Ancient Rome inspires 21st century sustainability

Ancient Rome inspires 21st century sustainability

A concrete zero energy structure which took its design inspiration from the classical Roman period has been revealed by product innovators Contec.

Although it is built in Denmark the manufacturers say that similar principles reigns apply in the Middle East, as the use of materials to create stable temperatures at the lowest energy consumption possible is an important factor in hot climates.

Floor, roof and walls are all made in prefabricated sandwich elements. The house has both interior walls and exterior walls manufactured in slim UHPC panels leaving more space for the insulation material.

Energy supply for heating and cooling air/water is provided by environmentally friendly heating pumps and solar panels.

The result a maximum annual energy consumption of 0 kWh/m2. Contec said it wanted to prove the sustainable benefits from the UHPC technology in a cost effective solution. Founder Bo Serwin, who holds an architectural degree from the Aarhus School of Architecture, said that the project focused on the elimination of thermal bridges, minimising material consumption and the lowest CO2 emission from production and transport.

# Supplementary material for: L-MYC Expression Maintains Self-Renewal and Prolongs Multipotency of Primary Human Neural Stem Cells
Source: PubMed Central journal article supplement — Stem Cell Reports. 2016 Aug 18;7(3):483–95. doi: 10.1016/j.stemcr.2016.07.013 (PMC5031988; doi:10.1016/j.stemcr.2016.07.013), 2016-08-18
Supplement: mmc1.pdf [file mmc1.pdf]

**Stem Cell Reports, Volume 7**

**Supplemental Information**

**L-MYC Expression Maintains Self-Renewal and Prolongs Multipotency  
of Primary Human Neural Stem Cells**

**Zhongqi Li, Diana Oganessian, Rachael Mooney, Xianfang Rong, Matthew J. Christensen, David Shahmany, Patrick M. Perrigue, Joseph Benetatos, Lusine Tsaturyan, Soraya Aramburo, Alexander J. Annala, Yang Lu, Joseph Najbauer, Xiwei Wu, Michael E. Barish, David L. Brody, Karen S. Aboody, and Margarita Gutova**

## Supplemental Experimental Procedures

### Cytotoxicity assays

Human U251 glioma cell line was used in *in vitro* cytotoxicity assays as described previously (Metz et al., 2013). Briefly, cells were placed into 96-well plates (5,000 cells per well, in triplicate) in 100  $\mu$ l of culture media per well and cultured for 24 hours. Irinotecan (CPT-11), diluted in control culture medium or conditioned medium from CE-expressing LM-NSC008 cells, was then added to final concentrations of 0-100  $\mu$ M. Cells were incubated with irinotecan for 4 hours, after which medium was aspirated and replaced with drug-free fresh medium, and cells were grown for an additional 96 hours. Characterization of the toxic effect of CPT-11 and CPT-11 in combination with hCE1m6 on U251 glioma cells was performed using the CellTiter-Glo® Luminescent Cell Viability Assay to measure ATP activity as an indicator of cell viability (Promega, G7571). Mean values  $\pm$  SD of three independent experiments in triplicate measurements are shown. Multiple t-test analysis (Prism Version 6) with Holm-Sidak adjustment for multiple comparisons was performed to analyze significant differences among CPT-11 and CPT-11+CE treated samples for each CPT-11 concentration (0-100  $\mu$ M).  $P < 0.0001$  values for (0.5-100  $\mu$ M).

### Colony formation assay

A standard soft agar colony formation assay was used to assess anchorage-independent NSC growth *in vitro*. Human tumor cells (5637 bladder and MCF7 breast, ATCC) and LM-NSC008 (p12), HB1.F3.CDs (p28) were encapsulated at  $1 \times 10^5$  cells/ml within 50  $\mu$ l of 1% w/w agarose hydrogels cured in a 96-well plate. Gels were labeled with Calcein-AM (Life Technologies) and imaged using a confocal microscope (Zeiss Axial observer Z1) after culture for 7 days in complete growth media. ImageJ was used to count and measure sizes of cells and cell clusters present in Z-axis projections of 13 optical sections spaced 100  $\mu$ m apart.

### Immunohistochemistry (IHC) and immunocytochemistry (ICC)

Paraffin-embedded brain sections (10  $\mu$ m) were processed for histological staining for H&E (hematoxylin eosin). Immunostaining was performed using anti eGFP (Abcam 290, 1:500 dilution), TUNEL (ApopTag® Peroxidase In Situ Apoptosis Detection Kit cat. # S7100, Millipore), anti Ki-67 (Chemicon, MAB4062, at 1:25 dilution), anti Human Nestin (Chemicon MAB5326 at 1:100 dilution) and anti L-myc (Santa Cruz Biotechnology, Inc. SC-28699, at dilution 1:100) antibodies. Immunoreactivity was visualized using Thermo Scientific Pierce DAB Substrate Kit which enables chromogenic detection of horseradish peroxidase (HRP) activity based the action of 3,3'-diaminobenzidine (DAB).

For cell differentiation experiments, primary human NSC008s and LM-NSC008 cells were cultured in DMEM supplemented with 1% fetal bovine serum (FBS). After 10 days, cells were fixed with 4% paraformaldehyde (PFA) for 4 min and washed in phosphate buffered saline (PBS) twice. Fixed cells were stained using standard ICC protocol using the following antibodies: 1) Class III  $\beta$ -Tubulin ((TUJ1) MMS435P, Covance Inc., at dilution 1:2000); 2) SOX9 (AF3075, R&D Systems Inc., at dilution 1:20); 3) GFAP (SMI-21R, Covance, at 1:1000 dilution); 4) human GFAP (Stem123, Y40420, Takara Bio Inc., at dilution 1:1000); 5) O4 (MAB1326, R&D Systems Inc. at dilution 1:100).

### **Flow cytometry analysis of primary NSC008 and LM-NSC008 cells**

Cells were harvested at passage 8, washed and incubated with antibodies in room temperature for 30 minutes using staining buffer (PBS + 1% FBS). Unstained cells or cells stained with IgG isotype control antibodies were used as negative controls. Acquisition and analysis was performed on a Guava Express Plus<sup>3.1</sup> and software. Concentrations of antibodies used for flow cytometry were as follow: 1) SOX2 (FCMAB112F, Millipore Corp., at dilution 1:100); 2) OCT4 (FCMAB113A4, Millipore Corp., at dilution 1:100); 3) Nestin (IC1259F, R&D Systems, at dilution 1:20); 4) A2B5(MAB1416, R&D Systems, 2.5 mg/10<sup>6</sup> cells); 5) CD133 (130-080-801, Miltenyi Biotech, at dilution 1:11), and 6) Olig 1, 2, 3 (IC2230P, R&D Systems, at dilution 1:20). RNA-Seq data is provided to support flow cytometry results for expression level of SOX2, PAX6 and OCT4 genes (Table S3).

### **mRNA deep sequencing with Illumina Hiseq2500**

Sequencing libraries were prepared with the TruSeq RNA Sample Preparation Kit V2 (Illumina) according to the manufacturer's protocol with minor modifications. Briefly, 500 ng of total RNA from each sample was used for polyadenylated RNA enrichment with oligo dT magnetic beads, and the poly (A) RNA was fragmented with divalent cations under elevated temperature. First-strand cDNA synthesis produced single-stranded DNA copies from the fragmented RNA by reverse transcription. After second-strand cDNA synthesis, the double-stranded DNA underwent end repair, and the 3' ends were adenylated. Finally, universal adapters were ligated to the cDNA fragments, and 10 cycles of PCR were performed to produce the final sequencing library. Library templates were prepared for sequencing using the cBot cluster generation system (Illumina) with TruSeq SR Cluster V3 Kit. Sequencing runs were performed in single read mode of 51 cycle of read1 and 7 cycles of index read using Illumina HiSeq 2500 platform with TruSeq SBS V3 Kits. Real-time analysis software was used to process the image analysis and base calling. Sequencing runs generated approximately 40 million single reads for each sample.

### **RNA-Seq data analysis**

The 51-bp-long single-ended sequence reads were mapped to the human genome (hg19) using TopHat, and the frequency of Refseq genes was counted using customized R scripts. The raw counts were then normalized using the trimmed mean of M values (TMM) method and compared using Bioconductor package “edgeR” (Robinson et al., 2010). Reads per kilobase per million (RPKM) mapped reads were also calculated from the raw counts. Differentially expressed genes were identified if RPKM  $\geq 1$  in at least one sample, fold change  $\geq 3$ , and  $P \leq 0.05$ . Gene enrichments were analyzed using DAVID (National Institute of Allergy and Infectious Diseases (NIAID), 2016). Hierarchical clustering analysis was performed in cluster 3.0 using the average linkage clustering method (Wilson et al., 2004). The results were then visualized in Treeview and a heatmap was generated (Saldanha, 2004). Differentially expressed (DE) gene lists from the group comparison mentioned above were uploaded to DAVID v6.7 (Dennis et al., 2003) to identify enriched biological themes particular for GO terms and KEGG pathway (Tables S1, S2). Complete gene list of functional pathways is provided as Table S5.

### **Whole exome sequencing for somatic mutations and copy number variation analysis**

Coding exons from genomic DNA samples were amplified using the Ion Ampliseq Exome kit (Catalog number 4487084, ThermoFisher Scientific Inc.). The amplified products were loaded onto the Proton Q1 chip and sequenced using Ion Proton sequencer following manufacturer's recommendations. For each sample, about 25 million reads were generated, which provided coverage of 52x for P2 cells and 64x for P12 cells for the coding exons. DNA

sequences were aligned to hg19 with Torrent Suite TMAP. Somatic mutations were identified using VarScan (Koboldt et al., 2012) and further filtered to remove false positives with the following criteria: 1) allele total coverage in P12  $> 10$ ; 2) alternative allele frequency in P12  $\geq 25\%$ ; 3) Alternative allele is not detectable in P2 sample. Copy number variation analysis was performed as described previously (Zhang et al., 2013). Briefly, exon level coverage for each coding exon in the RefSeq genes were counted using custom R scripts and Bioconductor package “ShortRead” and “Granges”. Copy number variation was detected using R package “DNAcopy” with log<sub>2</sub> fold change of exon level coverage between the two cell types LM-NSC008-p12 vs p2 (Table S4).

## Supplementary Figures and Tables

The wall panels have a U-value of 0.087 with a total thickness of only 350 mm of which is 300 mm insulation material. The structural section of the UHPC sandwich panel is the 30 mm interior wall with internal UHPC columns of ø 40 mm. Exterior wall is a 20 mm white UHPC providing an aesthetic and very durable and maintenance free façade.

Weight of panels is reduced to 20% of a conventional concrete sandwich panels saving cost and energy on transport and cranes.

Studies from the Danish Technical University show reduction in Co2 emission up to 60% compared to conventional concrete building systems.

The high density of the UHPC material gives the facades self-cleaning properties and are expected to have a very long life cycle.

Serwin said: “Our best reference is the Pantheon in Rome. It is 2000 years old now and the puzzolanic concrete is still healthy. We learned a lot from the Romans, we just improved it a little bit with new technologies.”



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